2. A reputable gallery in a major metropolitan area like New York City. I've shown in a few galleries in New York over the past several years, but haven't developed a long-term relationship because it's expensive and difficult to spend time in the city trying to get appointments with gallery directors who probably won't be interested, anyway. But, that doesn't mean I won't give it a shot!

What are your ideas???


-Don said...

Hi Kathy,

Wow! You've given me a lot to digest here. Thank you. I don't have anything of value to add to this, yet. Hopefully soon...

P.S. Do you ever sleep?


Carol Schiff Daily Painting said...

Great article, Cathy. I agree with you that art shows are a great way to start without occurring too much expense up front. I do have an Etsy site and find it fast and easy to use and have made many sales from it this year.

I am happy to see that you talked about bring your art to a certain level before jumping in the "marketing pot". I think that is the number one mistake people make with their art.

M said...

Lots of ideas here Kathy. I've set my three improvement areas for the year as Production, Visibility and Revenue. Of course these three are very interconnected. The revenue area means marketing. I sat down last night and created my plan. I have 14 items under my Revenue category. I know too many but I always need a challenge. When I'm in gear, I'm a force to be reckoned with! here are some of my ideas:

In Canada there is a lot of federal and provincial support for the arts through grants. I've been successful in the provincial arena before but the national grants are larger and more difficult to acquire. I plan to attend a workshop session to improve my grant writing skills.

An additional money making avenue for me is to acquire an exhibition in a publicly funded gallery because they pay exhibition fees for showing your work thanks to the hard work of CARFAC a national advocacy group in Canada. These would not be galleries where the work was for sale. Artists make money through exhibition only.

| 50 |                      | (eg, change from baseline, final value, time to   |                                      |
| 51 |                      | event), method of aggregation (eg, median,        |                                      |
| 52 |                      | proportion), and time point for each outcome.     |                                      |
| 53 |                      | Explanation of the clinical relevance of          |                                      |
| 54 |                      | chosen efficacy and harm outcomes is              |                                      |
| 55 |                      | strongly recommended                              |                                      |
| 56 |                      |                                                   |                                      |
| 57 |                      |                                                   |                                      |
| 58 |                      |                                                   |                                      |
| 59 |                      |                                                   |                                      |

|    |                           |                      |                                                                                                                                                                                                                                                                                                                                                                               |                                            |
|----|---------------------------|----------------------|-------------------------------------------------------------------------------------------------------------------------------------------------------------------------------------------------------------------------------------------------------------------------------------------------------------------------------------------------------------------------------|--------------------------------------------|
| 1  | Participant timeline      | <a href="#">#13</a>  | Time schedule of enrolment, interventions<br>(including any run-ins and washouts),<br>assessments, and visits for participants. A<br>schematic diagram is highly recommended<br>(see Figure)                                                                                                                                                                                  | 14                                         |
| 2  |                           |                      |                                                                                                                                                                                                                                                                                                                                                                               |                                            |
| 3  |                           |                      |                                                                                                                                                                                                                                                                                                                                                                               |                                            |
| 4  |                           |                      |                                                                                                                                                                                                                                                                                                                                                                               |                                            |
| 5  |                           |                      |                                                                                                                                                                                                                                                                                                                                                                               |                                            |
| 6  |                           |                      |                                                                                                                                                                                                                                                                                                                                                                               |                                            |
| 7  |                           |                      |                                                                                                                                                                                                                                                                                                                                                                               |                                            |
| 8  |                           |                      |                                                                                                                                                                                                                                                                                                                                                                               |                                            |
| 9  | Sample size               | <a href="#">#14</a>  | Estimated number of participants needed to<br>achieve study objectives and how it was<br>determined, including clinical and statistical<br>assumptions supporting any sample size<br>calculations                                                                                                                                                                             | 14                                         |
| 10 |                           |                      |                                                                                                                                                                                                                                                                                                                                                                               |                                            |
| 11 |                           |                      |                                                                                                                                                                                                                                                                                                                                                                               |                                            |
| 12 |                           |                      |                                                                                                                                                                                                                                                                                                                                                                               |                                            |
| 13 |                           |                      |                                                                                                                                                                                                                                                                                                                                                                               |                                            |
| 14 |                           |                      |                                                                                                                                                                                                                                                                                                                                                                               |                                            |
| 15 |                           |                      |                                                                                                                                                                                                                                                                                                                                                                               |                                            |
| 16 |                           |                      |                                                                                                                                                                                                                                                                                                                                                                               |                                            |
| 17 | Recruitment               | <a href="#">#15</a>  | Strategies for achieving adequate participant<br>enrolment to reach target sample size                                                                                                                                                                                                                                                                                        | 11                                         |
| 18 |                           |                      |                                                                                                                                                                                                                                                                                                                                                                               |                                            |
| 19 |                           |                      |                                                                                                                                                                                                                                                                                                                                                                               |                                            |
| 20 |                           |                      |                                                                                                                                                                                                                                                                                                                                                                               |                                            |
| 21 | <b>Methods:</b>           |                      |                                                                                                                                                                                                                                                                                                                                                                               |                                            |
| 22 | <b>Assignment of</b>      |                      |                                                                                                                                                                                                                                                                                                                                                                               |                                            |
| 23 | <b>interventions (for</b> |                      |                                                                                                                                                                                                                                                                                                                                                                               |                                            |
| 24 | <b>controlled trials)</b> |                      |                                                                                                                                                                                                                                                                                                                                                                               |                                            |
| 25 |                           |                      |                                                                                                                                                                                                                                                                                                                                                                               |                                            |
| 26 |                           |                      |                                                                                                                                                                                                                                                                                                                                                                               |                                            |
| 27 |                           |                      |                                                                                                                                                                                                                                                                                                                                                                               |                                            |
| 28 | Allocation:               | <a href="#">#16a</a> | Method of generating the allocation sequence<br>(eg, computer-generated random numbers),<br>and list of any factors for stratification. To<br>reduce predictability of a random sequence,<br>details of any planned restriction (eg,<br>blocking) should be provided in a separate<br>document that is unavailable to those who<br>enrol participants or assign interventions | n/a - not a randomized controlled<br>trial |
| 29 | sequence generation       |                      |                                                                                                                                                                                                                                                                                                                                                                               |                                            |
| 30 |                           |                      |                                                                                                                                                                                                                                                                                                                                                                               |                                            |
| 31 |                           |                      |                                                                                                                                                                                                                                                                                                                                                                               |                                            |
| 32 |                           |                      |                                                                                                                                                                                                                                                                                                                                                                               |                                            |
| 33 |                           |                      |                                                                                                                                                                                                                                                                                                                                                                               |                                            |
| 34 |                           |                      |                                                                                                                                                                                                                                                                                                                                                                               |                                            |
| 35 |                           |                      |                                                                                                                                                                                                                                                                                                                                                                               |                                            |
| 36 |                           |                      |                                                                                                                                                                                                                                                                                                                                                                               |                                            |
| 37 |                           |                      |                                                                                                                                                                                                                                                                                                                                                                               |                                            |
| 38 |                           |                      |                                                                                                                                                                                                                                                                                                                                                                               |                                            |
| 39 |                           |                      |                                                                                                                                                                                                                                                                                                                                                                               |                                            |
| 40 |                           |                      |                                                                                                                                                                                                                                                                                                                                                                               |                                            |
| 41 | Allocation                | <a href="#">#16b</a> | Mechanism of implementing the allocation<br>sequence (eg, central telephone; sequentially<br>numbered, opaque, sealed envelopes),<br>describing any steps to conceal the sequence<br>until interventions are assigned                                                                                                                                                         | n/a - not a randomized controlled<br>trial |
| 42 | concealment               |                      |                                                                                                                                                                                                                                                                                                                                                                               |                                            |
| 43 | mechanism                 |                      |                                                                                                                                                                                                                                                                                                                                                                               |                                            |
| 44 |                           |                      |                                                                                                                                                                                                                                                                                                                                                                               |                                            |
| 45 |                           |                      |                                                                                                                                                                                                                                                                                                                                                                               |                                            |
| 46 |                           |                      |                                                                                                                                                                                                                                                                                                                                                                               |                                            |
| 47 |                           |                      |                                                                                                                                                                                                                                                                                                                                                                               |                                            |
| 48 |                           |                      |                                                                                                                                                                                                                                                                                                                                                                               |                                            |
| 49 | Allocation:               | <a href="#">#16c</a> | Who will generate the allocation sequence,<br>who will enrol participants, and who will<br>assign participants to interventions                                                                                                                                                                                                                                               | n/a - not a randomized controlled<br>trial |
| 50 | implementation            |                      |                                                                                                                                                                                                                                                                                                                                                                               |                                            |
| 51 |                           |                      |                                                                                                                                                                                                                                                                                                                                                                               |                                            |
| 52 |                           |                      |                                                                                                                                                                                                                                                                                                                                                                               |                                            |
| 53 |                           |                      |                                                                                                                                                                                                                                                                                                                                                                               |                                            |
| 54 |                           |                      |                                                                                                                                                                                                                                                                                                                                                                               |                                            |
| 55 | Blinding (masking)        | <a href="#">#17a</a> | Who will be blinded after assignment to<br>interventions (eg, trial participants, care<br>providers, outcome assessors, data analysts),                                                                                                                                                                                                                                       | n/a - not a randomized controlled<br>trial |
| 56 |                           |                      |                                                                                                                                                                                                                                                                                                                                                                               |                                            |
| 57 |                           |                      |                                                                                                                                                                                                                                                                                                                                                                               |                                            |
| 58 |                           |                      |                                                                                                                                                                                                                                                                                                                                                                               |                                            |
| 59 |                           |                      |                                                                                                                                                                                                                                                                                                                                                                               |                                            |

Another area to increase your revenue is reproduction of your work in magazines or on greeting cards. Last year two of my paintings were highlighted in Newfoundland Quarterly. Many magazines pay reproduction fees. Several years ago the provincial fine craft group asked to use two of my images on greeting cards. They paid a reporduction fee based on the size of their run. Thanks again to CARFAC for setting national reproduction fees.

I also plan to teach at least two workshops this year. I have the teaching background and I have skills people are interested in. In connection with this I'm going to R & F paints to do additional training in encaustic. More on this later.

I want to find another gallery in mainland Canada. I've scoped out several I am interested in so submission packages are needed.

I have the added hurdle of living on an island with a small population (500,000). I can't jump in the car and broaden my horizons.
There are few juried exhibition opportunities that I know about but I plan to research this more thoroughly.

I'm exploring on line arenas to market a totally different line of smaller works under a different name. This will be more decorative and less content driven work. I plan to keep the two quite separate. Just beginning to think about how I will make this work.

I'm going to research practical marketing ideas on line and in any good book someone can recommend.

I have several ideas for approaching decorators both here and in larger centers. More on this later.

My final idea is to meet with 5 other artists in my area to have a Think Tank on marketing our work.

The ideas are the easy part.

Unknown said...

Hi Don - I suspect I get more sleep than you do ;-)

Hi Carol - it's good to know that you've had success with Etsy. I'll look into it sometime later this year. And thanks for reaffirming the "being ready" notion. It's really, really important to leave a good first impression. Thanks for your comments!

Hi Margaret - Thanks so much for taking time to share your marketing plan with us! Great ideas!! I forgot to mention grants, so thanks for doing that! I have received grants from New York State, but I don't rely on that as income. I've also reproduced my work for cards and posters, but have stopped. And, I also teach six or more workshops a year and take on private students, but I didn't focus on that in this post because it's about marketing art.

M said...

I got over-excited in my listing because my head was in the revenue category. Sorry for being off topic.

Anonymous said...


This is a wonderful and timely post. My husband and I periodically debate selling on the internet. He has a hard time imagining people buying paintings with out seeing them in person. So, I would love to know more about your on-line sale success if practical.

I'm still trying to figure out Facebook, Etsy, etc. But, wonder if they may not be important in the future.

Neat to see the fair works for you!

Lee Ann said...